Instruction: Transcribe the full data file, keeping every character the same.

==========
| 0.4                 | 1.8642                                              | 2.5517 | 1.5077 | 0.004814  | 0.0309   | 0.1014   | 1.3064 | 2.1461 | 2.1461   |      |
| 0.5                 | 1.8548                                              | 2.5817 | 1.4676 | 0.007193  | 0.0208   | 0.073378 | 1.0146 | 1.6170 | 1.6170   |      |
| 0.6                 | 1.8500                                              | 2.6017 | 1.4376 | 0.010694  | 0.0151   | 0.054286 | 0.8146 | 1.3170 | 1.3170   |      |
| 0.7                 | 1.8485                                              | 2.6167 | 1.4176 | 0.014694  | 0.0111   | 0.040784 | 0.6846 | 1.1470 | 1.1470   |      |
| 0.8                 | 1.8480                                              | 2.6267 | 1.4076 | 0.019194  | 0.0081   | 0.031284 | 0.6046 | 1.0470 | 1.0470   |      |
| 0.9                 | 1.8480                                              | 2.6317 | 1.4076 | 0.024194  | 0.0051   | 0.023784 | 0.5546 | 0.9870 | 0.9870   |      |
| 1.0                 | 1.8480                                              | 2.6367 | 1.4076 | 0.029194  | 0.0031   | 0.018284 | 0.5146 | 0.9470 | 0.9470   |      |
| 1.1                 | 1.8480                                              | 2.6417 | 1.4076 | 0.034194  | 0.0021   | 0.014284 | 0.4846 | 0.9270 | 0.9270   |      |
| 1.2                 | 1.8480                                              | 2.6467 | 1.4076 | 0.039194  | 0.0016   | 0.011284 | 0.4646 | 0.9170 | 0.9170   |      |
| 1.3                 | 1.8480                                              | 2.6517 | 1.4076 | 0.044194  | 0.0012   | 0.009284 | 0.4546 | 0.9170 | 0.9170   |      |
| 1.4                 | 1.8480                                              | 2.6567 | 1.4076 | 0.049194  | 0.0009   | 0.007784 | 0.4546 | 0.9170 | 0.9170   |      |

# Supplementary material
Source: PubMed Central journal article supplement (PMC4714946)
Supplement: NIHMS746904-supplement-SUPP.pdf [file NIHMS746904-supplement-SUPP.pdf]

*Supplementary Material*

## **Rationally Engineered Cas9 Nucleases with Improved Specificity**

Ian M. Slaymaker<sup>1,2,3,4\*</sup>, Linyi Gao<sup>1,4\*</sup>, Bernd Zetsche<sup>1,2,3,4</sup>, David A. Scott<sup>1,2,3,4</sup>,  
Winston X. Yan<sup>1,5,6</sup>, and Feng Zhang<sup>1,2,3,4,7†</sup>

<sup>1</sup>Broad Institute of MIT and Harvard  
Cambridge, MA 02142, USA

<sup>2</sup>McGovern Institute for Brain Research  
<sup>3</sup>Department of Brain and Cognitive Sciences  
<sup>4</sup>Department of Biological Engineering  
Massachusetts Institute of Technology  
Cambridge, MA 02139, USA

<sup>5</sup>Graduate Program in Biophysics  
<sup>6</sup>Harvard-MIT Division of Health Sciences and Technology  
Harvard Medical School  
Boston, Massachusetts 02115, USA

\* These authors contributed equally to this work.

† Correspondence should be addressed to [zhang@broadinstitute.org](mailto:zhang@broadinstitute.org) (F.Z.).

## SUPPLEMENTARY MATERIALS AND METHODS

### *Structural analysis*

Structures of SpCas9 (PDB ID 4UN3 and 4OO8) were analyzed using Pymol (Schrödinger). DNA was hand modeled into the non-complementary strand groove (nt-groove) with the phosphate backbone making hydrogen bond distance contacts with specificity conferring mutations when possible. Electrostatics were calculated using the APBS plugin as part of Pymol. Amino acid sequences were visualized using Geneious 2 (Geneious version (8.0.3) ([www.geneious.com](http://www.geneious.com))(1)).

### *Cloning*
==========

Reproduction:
| 0.4                 | 1.8642                                              | 2.5517 | 1.5077 | 0.004814  | 0.0309   | 0.1014   | 1.3064 | 2.1461 | 2.1461   |      |
| 0.5                 | 1.8548                                              | 2.5817 | 1.4676 | 0.007193  | 0.0208   | 0.073378 | 1.0146 | 1.6170 | 1.6170   |      |
| 0.6                 | 1.8500                                              | 2.6017 | 1.4376 | 0.010694  | 0.0151   | 0.054286 | 0.8146 | 1.3170 | 1.3170   |      |
| 0.7                 | 1.8485                                              | 2.6167 | 1.4176 | 0.014694  | 0.0111   | 0.040784 | 0.6846 | 1.1470 | 1.1470   |      |
| 0.8                 | 1.8480                                              | 2.6267 | 1.4076 | 0.019194  | 0.0081   | 0.031284 | 0.6046 | 1.0470 | 1.0470   |      |
| 0.9                 | 1.8480                                              | 2.6317 | 1.4076 | 0.024194  | 0.0051   | 0.023784 | 0.5546 | 0.9870 | 0.9870   |      |
| 1.0                 | 1.8480                                              | 2.6367 | 1.4076 | 0.029194  | 0.0031   | 0.018284 | 0.5146 | 0.9470 | 0.9470   |      |
| 1.1                 | 1.8480                                              | 2.6417 | 1.4076 | 0.034194  | 0.0021   | 0.014284 | 0.4846 | 0.9270 | 0.9270   |      |
| 1.2                 | 1.8480                                              | 2.6467 | 1.4076 | 0.039194  | 0.0016   | 0.011284 | 0.4646 | 0.9170 | 0.9170   |      |
| 1.3                 | 1.8480                                              | 2.6517 | 1.4076 | 0.044194  | 0.0012   | 0.009284 | 0.4546 | 0.9170 | 0.9170   |      |
| 1.4                 | 1.8480                                              | 2.6567 | 1.4076 | 0.049194  | 0.0009   | 0.007784 | 0.4546 | 0.9170 | 0.9170   |      |

# Supplementary material
Source: PubMed Central journal article supplement (PMC4714946)
Supplement: NIHMS746904-supplement-SUPP.pdf [file NIHMS746904-supplement-SUPP.pdf]

*Supplementary Material*

## **Rationally Engineered Cas9 Nucleases with Improved Specificity**

Ian M. Slaymaker<sup>1,2,3,4\*</sup>, Linyi Gao<sup>1,4\*</sup>, Bernd Zetsche<sup>1,2,3,4</sup>, David A. Scott<sup>1,2,3,4</sup>,  
Winston X. Yan<sup>1,5,6</sup>, and Feng Zhang<sup>1,2,3,4,7†</sup>

<sup>1</sup>Broad Institute of MIT and Harvard  
Cambridge, MA 02142, USA

<sup>2</sup>McGovern Institute for Brain Research  
<sup>3</sup>Department of Brain and Cognitive Sciences  
<sup>4</sup>Department of Biological Engineering  
Massachusetts Institute of Technology  
Cambridge, MA 02139, USA

<sup>5</sup>Graduate Program in Biophysics  
<sup>6</sup>Harvard-MIT Division of Health Sciences and Technology  
Harvard Medical School  
Boston, Massachusetts 02115, USA

\* These authors contributed equally to this work.

† Correspondence should be addressed to [zhang@broadinstitute.org](mailto:zhang@broadinstitute.org) (F.Z.).

## SUPPLEMENTARY MATERIALS AND METHODS

### *Structural analysis*

Structures of SpCas9 (PDB ID 4UN3 and 4OO8) were analyzed using Pymol (Schrödinger). DNA was hand modeled into the non-complementary strand groove (nt-groove) with the phosphate backbone making hydrogen bond distance contacts with specificity conferring mutations when possible. Electrostatics were calculated using the APBS plugin as part of Pymol. Amino acid sequences were visualized using Geneious 2 (Geneious version (8.0.3) ([www.geneious.com](http://www.geneious.com))(1)).

### *Cloning*